More

PROFILE: AimFire Marketing: Job hopping led marketer to become her own boss AimFire's specialty: Optimizing Internet search engine results

December 24, 2007
Gabrielle Poshadlo
AimFire Marketing Job hopping led marketer to become her own boss AimFire's specialty: Optimizing Internet search engine results Little more than three years ago, Susan Young's custom Brownsburg home had two extra bedrooms, and the daily commute to Synergy Marketing Group in Indianapolis kept her home and office in separate worlds. Today, Young has two new babies: her 7-month-old daughter, Elaina, and her young business, AimFire Marketing. One of those once-empty rooms is now the heart of her six-figure career....
More

Indesign LLC: Engineers designed firm after losing corporate jobs Ownership stake gave workers even more motivation to succeedRestricted Content

December 17, 2007
Marc D.
Eleven years ago, AT&T/Lucent Bell Laboratories announced it was closing its wired consumer product design division in Indianapolis and consolidating operations in New Jersey. That left about 90 employees here with a choice: Move or find another job. Most went or joined other companies. But 34 decided to stick together and start their own business here-Indesign LLC. Today, the high-tech electronic design and development company near Fort Benjamin Harrison is a $6 million-a-year business with 53 employees and clients that...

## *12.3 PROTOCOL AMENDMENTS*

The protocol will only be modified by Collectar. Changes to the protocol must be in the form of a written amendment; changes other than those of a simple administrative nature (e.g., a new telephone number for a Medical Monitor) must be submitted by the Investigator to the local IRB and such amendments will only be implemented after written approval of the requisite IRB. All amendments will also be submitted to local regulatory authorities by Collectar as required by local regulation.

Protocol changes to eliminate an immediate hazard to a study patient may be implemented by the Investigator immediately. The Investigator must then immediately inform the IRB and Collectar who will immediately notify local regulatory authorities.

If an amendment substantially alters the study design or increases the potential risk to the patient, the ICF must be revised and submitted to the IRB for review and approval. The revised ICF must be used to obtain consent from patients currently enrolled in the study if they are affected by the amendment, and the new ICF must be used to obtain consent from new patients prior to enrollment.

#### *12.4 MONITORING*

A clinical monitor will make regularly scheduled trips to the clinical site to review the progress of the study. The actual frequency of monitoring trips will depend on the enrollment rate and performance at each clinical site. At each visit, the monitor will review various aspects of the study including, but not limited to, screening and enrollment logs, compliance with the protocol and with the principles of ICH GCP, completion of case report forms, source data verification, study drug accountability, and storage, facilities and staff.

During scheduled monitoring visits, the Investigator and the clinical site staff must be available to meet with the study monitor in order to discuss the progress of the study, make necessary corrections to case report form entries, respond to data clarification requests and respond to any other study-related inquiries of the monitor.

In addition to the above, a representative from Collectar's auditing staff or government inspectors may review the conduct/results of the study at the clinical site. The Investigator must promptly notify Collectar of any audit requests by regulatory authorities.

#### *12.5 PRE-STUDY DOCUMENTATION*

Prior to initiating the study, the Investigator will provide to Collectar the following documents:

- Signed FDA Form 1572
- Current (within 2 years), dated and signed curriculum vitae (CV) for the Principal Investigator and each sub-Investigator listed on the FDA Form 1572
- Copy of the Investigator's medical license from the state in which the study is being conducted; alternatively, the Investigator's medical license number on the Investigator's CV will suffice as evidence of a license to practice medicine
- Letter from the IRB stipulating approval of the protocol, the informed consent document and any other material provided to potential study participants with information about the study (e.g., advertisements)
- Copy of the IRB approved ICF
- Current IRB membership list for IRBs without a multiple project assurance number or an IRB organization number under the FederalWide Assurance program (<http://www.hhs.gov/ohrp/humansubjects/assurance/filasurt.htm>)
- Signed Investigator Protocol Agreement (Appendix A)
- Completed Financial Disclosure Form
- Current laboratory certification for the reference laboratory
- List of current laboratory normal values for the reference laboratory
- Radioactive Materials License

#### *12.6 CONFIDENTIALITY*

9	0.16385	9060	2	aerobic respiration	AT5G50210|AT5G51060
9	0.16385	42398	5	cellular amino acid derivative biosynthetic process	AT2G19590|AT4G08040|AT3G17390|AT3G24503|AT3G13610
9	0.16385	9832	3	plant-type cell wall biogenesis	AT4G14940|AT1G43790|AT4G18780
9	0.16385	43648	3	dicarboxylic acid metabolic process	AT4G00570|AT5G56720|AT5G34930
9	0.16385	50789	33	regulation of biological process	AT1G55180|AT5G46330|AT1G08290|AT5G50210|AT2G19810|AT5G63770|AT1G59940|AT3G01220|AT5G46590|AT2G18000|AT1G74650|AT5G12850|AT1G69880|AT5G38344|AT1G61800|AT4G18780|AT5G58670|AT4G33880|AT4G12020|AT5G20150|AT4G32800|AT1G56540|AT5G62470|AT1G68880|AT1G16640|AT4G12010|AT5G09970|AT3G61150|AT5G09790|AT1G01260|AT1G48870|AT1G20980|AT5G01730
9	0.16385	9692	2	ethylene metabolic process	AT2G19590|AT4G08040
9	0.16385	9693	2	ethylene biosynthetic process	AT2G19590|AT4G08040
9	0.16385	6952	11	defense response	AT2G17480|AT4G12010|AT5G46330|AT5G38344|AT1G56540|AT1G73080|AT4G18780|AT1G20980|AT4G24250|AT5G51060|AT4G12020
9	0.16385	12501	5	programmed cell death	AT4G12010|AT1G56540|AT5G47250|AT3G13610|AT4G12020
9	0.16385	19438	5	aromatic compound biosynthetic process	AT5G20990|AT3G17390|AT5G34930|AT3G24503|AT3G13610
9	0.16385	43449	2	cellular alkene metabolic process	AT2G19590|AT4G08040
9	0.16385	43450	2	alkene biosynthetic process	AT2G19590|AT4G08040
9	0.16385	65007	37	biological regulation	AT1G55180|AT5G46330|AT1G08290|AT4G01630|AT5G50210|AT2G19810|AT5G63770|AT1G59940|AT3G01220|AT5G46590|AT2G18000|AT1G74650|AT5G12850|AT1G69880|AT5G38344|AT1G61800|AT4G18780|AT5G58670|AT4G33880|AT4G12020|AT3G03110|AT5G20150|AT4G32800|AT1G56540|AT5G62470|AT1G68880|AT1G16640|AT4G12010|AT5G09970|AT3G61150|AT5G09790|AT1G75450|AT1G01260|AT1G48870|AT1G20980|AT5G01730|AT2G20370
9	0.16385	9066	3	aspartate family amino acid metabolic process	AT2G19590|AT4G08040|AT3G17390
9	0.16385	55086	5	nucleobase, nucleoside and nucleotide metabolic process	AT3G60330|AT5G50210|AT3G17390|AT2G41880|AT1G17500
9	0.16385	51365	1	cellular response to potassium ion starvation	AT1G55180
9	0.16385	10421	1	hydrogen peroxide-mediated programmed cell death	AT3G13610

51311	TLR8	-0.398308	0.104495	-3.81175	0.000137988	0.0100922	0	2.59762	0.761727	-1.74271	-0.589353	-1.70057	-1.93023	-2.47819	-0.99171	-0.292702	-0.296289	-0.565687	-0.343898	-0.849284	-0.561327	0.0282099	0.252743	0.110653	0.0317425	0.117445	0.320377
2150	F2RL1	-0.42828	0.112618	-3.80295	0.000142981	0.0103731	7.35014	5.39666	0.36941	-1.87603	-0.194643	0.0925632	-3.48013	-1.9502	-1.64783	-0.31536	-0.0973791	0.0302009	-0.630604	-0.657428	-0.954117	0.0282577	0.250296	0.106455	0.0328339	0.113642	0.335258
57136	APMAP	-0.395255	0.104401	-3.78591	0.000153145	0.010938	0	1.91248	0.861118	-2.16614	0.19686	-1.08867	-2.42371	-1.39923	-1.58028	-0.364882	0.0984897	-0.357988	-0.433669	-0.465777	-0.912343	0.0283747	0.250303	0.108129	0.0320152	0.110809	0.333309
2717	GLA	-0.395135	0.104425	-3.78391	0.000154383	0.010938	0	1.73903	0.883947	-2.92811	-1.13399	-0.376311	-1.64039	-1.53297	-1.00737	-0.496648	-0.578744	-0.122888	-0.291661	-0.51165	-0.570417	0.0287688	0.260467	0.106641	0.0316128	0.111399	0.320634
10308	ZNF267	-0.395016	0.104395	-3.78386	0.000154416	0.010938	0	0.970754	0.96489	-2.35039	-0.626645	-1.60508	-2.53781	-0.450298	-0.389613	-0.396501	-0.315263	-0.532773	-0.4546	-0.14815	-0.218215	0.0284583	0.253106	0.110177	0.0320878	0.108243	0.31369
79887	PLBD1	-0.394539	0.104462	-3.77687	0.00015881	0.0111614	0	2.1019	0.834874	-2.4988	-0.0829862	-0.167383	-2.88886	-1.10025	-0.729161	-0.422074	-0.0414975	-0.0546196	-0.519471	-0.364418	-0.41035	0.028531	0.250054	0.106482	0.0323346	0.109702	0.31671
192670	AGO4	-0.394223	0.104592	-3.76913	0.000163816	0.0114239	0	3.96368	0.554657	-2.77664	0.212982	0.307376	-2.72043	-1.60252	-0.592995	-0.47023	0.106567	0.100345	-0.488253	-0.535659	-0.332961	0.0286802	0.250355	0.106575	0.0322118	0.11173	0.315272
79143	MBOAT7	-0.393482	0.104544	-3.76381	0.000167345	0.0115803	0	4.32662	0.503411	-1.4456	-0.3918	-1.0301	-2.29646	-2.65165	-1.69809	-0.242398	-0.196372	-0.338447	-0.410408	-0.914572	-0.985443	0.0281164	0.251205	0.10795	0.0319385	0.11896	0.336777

More

Women business PAC: Committee raising funds to promote female owners' agenda

December 10, 2007
Emily Groen
Local women business owners are trying their hand in politics heading into the 2008 campaign season. Launched in February, the Indiana Woman Business Owner's Political Action Committee will raise money to promote political candidates who champion femaleowned businesses. "The purpose is to support candidates ... that seek to protect and develop women-owned and minorityowned business," said PAC Chairwoman Billie Dragoo, founder and CEO of Indianapolis-based medical staffing company Repucare. Its mission is simple, she said: "to advance the agenda of...